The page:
In a country and a government of limited resources, those functions that can (and do largely already) support themselves should be required to do so, so that the tax burden on the populace can be lessened and/or so that more funding is available for other worthy causes that are not as fortunate as to have developed their own base of non-governmental financial support. It's a big country, and there is room in it for a wide range of views on any number of issues of public interest, but there is little if any justification to provide a government handout - however relatively small - to only some of the voices or points of view that are attempting to engage themselves in and/or shape the conversations. Let the best ideas be voiced and draw whatever support - financial and intellectual - they can on their merits; don't turn the process into one where the ideas with an inside track to government funding are therby advantaged over the other ideas who look exclusively to the marketplace of ideas for their support.

Posted by: TaxedtotheMax | March 11, 2011 9:26 PM | Report abuse

Hey! Gonna get you 2...and another one bites the dust...

Let the shallacking continue!

Posted by: adamnescot1 | March 11, 2011 9:58 PM | Report abuse

I love NPR and have listened on the car radio for over three decades...nothing like it. I'm also a true conservative and have been for those same three decades. I believe in minimalist government, low taxes, and private, charitable funding of the arts and of NPR. I was pleasantly surprised you did not make excuses for NPR in the Liley and Ron Schiller matter; but also disappointed you implied their behavior was an abberation. It was not. The culture of NPR is and has been unmistakably Leftist, insular, and hopelessly smug for a very, very long time. But, that's OK. My conservative sensibilities respect and appreciate the good things NPR does in spite of their culture and ideology. In fact, in my own open-minded, true-conservative, live-and-let-live way, I find even the smugness endearing, as long as I am not forced to finance it. It's past time for NPR to stop gobbling down it's slop at the public trough. And, although I appreciate that you did not paint me and other conservatives with the customary racist brush because we disagree with you...about anything...it's past time to stop pretending NPR is not hopelessly, although quaintly, even charmingly, a monument to Left-wing sensibilities, and let them come out of the closet, for Pete's sake!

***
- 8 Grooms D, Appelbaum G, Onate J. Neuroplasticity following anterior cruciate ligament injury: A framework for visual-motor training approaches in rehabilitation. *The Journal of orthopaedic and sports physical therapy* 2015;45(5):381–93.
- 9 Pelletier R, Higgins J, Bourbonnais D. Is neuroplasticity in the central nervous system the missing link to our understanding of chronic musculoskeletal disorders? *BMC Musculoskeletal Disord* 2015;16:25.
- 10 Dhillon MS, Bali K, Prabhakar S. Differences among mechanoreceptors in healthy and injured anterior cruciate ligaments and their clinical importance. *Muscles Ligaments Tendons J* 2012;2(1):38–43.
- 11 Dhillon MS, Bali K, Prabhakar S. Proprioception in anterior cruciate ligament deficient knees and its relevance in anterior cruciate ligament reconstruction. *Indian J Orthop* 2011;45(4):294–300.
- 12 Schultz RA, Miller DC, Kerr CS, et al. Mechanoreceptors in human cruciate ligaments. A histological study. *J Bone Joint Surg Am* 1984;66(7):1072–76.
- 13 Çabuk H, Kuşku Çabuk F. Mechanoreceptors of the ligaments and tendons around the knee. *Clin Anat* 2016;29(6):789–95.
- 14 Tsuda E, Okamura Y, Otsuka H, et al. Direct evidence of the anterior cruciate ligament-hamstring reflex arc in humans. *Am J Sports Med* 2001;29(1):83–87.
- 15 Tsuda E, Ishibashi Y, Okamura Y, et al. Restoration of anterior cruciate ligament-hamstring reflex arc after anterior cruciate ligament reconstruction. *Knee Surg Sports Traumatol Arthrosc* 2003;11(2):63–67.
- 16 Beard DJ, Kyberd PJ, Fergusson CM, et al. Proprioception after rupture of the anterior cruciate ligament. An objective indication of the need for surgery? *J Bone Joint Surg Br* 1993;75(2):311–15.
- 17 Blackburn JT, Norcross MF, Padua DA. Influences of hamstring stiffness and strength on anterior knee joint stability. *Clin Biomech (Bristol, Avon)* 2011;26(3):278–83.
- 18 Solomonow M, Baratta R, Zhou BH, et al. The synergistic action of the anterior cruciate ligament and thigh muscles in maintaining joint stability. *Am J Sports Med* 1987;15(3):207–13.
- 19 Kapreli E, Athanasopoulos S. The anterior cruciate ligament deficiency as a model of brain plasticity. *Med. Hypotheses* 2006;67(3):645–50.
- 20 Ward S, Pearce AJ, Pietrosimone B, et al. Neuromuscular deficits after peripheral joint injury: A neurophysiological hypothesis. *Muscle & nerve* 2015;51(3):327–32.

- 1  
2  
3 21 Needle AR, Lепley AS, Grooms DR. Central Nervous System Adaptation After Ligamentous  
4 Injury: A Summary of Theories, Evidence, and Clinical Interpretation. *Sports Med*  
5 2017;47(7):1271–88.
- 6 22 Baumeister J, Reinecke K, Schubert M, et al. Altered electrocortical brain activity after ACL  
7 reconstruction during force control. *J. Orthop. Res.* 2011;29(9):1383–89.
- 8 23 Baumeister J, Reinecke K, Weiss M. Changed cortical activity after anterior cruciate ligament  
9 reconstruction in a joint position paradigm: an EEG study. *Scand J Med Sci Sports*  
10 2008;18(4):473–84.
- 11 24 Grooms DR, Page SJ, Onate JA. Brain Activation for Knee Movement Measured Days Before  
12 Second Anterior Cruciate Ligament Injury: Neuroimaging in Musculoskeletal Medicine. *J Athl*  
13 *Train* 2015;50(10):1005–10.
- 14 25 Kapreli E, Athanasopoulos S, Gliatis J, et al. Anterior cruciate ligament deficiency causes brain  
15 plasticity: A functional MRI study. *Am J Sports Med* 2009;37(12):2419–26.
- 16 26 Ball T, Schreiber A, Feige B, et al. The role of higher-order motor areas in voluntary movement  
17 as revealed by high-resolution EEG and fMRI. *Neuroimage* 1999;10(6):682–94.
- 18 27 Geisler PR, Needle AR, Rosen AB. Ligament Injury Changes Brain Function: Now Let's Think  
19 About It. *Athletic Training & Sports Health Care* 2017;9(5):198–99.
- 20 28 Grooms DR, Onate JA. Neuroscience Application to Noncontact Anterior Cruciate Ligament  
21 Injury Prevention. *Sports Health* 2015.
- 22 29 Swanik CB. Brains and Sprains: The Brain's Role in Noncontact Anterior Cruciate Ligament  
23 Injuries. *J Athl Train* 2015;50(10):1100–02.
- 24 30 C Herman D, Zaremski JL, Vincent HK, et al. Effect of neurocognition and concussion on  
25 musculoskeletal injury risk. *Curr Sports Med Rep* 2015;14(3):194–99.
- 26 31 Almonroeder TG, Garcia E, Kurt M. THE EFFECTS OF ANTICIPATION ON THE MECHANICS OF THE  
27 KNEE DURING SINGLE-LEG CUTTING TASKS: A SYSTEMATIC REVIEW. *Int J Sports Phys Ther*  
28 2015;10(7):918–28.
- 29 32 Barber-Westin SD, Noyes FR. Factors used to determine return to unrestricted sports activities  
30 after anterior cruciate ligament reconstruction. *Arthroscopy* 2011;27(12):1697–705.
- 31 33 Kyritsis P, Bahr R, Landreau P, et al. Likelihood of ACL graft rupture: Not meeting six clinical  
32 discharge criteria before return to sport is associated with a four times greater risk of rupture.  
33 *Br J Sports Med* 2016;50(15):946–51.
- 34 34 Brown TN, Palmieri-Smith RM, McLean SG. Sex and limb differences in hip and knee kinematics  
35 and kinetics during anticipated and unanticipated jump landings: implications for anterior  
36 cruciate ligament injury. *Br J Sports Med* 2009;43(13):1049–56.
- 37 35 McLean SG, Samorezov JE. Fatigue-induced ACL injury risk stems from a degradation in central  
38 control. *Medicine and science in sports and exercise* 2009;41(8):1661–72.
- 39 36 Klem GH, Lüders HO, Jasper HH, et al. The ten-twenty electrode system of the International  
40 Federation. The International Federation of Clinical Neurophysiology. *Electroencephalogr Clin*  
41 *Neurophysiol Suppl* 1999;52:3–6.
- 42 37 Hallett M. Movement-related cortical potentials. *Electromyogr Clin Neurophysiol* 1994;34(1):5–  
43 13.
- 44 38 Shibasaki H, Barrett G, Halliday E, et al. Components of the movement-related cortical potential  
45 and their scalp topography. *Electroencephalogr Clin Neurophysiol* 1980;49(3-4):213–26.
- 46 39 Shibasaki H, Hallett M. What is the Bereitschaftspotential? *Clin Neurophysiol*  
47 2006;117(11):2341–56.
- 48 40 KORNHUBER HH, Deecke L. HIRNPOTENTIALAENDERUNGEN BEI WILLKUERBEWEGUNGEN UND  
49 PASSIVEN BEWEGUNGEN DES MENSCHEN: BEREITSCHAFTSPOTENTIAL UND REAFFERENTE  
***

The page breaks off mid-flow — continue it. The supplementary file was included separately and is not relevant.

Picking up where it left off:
Posted by: LibRT | March 11, 2011 11:18 PM | Report abuse

Let's see if we can get on point here. 1. The federal funds for public broadcasting go to the Corp for PB to be distributed by a formula in its legislation primarily to local stations. After 10 percent off the top for administration, mandated payments to 5 minority production consortia and to independent production groups, the remaining 90 percent is split with 75 percent going to TV and 25 percent to radio. 2. The radio dollars go to the local stations in two ways a) as local community service matching grants as incentive and proportional for raising local dollars, and b) as program grants specifically for the production or purchasing of programs. Nowhere in the formula are any funds directed to NPR. NPR is an association formed by the stations to provide services that the local stations cannot provide for themselves. Those services include satellite operations, promotional materials and programs. NPR is not the sole provider of programs and must compete in the marketplace with other providers. Local stations make the choice in all cases. Local stations have local licensee boards and local community advisory boards as mandated by law. All program decision-making is done locally and no one can tell the local stations what to air or when. The funding formula is structured so that those stations in the most rural and least populated areas get a larger percent of their total budget from federal funds. That is to provide equity for those locales that do not have the financial resources to fund a broadcast station on their own. Now try talking about this subject with some factual information.

Posted by: DaBrugg | March 12, 2011 7:27 AM | Report abuse